But the point is that I recognize that sometimes, when we hit "like" on Facebook, it isn't because we like the "truth of the matter asserted", but simply because we were amused or grateful or felt some other positive feeling and that was our only (lazy?) option to express it. 

Or, really, it is all just a popularity contest...

Wednesday, April 4, 2012

The devil you know? The grass is greener?

I have been spending a lot of time thinking about a new opportunity.  Something potentially exciting, something potentially fun, something potentially wonderful.

But also something potentially complicated, potentially full of drama, and potentially explosive and harmful.

We judge such things against what we already know, or have known.  How much is x like y? 

It is easy to stay stuck in something we already know.  Something we have become comfortable with and know how to handle and what to expect.

It is easy to crave what we once had and once enjoyed, and to get stuck in that, rather than take a chance on something new.  To see if the grass is greener. 

It is tough because sometimes something new reminds us of something old - something we may not have anymore outside our memory, but may want or wish we still had.  Will this something new ever live up to our idealized memories?  Is it fair to compare?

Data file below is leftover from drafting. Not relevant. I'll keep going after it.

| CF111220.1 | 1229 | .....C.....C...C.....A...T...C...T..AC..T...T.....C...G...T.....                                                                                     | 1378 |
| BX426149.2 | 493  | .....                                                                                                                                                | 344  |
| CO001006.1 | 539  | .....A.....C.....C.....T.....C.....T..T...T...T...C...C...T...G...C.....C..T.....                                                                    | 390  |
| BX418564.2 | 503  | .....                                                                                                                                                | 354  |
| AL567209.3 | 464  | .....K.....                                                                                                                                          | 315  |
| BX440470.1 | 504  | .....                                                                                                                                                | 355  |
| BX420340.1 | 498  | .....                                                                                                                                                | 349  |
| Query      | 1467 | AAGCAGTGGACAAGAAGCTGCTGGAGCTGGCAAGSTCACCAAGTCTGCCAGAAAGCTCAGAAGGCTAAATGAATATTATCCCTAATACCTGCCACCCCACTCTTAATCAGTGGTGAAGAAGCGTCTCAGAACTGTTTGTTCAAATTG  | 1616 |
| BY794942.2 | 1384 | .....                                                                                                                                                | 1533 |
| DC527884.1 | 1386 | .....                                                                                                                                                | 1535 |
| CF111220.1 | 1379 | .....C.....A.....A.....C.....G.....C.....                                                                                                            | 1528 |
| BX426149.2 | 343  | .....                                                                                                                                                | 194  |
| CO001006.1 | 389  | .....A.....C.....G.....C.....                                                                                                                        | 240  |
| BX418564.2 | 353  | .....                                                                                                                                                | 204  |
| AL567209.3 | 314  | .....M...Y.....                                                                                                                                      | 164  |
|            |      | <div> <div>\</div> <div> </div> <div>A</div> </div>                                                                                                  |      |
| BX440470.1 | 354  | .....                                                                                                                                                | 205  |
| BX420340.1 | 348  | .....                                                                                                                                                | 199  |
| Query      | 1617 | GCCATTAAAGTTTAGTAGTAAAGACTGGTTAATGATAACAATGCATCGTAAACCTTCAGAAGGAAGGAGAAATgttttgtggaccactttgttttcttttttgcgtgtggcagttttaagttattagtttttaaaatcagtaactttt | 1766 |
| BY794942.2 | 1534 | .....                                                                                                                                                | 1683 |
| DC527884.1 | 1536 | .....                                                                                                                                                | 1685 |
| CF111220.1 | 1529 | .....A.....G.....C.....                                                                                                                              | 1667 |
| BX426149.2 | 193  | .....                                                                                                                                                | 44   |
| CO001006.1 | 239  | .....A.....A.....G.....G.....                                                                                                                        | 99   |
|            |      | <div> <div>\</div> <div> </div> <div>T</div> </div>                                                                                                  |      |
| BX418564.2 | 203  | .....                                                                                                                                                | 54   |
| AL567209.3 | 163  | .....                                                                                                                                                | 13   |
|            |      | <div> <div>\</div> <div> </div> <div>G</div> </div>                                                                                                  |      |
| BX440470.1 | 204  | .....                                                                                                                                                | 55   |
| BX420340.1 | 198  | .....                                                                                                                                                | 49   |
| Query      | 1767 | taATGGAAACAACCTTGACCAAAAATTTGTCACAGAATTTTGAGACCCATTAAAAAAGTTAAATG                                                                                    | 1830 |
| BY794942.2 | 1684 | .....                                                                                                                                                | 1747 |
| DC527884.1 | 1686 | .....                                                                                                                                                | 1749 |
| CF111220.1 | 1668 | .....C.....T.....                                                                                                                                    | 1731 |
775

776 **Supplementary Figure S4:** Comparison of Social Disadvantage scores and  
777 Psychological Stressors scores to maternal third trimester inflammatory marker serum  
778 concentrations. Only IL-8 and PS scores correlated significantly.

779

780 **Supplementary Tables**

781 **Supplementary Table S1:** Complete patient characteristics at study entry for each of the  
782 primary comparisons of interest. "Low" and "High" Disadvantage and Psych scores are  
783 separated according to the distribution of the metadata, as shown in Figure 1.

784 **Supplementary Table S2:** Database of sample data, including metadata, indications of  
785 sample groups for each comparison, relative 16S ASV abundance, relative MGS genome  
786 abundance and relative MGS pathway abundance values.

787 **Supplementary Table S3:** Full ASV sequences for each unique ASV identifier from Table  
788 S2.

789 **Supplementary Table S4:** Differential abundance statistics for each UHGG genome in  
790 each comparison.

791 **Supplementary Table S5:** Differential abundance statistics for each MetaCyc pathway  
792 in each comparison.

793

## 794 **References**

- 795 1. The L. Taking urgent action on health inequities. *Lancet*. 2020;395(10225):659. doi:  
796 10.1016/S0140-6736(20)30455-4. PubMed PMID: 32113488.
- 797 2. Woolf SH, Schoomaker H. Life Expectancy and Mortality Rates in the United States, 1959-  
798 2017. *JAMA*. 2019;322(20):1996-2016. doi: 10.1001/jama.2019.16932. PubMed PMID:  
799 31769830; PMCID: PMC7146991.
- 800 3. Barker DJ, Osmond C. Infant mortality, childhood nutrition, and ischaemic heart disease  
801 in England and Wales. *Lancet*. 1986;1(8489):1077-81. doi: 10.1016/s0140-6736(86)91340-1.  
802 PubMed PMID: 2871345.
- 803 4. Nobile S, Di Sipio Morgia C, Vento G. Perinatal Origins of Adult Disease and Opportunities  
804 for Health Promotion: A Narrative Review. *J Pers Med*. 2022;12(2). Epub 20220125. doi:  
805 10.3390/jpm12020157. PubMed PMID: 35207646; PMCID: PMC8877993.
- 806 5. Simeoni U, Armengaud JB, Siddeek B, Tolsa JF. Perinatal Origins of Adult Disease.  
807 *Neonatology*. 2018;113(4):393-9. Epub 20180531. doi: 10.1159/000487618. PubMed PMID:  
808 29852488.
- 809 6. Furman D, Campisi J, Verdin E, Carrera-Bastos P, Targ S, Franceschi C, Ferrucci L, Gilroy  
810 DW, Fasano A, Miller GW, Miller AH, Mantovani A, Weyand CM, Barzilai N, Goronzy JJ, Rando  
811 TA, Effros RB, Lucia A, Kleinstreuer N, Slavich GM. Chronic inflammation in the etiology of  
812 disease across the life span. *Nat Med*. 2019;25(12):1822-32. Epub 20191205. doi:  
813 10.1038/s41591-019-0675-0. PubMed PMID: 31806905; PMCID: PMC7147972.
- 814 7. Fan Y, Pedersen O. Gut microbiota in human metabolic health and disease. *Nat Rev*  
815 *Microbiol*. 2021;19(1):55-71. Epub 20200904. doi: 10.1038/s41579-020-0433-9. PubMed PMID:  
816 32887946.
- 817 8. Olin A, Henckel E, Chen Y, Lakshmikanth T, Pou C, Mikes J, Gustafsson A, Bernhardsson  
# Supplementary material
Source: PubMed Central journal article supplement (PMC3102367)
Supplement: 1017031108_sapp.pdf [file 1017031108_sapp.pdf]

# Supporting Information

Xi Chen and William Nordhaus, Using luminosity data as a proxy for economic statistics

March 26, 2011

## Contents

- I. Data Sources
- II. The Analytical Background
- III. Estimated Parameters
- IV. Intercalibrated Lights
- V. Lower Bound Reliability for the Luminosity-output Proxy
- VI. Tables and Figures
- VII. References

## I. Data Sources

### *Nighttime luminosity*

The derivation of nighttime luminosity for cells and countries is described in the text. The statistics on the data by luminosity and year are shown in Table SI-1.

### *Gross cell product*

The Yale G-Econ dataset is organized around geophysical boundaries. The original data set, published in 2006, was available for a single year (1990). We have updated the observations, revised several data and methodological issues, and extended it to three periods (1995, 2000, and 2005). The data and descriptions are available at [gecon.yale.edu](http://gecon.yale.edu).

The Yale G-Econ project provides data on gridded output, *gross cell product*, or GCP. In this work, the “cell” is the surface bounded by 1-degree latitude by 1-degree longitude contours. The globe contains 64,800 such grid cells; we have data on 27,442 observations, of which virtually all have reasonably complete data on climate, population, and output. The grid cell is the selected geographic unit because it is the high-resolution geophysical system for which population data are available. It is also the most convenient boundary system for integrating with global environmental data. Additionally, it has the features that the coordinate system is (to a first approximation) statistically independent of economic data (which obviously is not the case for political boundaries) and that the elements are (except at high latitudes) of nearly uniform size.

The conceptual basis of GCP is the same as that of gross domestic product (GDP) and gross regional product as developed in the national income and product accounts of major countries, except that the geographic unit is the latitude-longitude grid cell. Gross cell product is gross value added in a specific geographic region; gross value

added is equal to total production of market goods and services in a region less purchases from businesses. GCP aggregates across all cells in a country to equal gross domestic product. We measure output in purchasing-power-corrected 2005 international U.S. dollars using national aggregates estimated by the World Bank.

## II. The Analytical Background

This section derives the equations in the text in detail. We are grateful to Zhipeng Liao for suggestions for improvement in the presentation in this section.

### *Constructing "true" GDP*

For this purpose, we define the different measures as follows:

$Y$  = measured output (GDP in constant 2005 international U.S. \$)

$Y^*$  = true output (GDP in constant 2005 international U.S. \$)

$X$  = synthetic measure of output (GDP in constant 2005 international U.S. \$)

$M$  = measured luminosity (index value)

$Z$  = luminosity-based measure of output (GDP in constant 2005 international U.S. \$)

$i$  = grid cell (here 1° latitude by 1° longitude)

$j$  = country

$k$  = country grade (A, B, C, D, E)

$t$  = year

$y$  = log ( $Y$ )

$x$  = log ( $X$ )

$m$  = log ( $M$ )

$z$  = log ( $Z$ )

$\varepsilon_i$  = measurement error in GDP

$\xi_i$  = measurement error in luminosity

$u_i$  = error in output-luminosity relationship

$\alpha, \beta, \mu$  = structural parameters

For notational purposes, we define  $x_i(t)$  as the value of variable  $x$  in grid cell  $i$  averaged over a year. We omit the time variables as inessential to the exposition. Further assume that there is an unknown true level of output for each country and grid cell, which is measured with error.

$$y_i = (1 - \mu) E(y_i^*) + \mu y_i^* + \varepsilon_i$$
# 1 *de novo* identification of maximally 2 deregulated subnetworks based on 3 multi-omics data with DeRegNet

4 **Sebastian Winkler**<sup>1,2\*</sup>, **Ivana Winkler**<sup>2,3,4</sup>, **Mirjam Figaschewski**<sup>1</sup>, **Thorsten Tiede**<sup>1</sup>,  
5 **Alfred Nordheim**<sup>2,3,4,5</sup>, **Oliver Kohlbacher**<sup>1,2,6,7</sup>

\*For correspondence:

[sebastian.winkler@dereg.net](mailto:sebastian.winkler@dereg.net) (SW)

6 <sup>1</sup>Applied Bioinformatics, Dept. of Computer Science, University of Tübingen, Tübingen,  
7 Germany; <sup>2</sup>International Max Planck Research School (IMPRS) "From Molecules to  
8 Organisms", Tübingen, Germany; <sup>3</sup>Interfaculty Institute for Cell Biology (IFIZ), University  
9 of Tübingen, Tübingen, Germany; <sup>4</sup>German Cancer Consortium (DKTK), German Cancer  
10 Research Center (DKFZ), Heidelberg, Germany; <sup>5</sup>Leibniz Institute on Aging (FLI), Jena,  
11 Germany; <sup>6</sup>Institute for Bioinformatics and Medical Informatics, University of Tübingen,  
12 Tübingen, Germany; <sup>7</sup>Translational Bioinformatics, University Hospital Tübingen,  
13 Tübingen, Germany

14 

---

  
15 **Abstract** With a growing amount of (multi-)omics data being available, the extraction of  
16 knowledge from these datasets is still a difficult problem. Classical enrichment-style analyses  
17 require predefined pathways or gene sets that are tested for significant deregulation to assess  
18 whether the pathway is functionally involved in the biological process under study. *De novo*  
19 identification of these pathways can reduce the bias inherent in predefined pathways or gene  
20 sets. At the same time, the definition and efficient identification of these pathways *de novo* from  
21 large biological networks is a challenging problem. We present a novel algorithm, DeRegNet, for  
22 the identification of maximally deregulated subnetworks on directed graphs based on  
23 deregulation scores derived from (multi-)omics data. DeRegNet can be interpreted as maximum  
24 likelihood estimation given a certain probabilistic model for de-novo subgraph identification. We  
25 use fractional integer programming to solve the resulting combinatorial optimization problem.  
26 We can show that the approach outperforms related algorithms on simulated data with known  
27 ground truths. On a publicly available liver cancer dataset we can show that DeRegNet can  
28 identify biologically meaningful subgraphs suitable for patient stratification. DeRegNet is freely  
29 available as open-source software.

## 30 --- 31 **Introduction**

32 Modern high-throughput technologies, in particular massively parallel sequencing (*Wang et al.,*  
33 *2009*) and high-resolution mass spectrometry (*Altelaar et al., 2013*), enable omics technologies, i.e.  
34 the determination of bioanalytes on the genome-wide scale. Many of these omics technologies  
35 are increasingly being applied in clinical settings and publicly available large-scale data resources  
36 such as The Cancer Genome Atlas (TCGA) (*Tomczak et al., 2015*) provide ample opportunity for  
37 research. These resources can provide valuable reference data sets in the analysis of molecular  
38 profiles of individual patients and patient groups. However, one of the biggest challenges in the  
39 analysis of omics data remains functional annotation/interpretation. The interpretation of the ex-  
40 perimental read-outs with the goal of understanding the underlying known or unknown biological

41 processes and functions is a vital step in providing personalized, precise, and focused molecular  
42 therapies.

Maybe not.  But we do.  It's the only way we humans can process new information and new things, to compare them and understand them within the experience that we have already had. 

It can make something new bittersweet if we're not careful. 

I think we are supposed to find a way to treasure the past, but embrace the future.  When we get married, the tradition is to wear something old, and something new.  In Girl Scouts, we sing the song "Make new friends, but keep the old.  One is silver and the other gold." 

The cool thing, though, is that over time, those "silver" friends become "gold", so it is worthwhile to take chances, to try something new, because one day, it will be something old which we cherish with fondness and perhaps a slight lonigng, too.  And it may be what we use to compare the next new thing. 

Embrace the opportunity.  Because resistance is futile.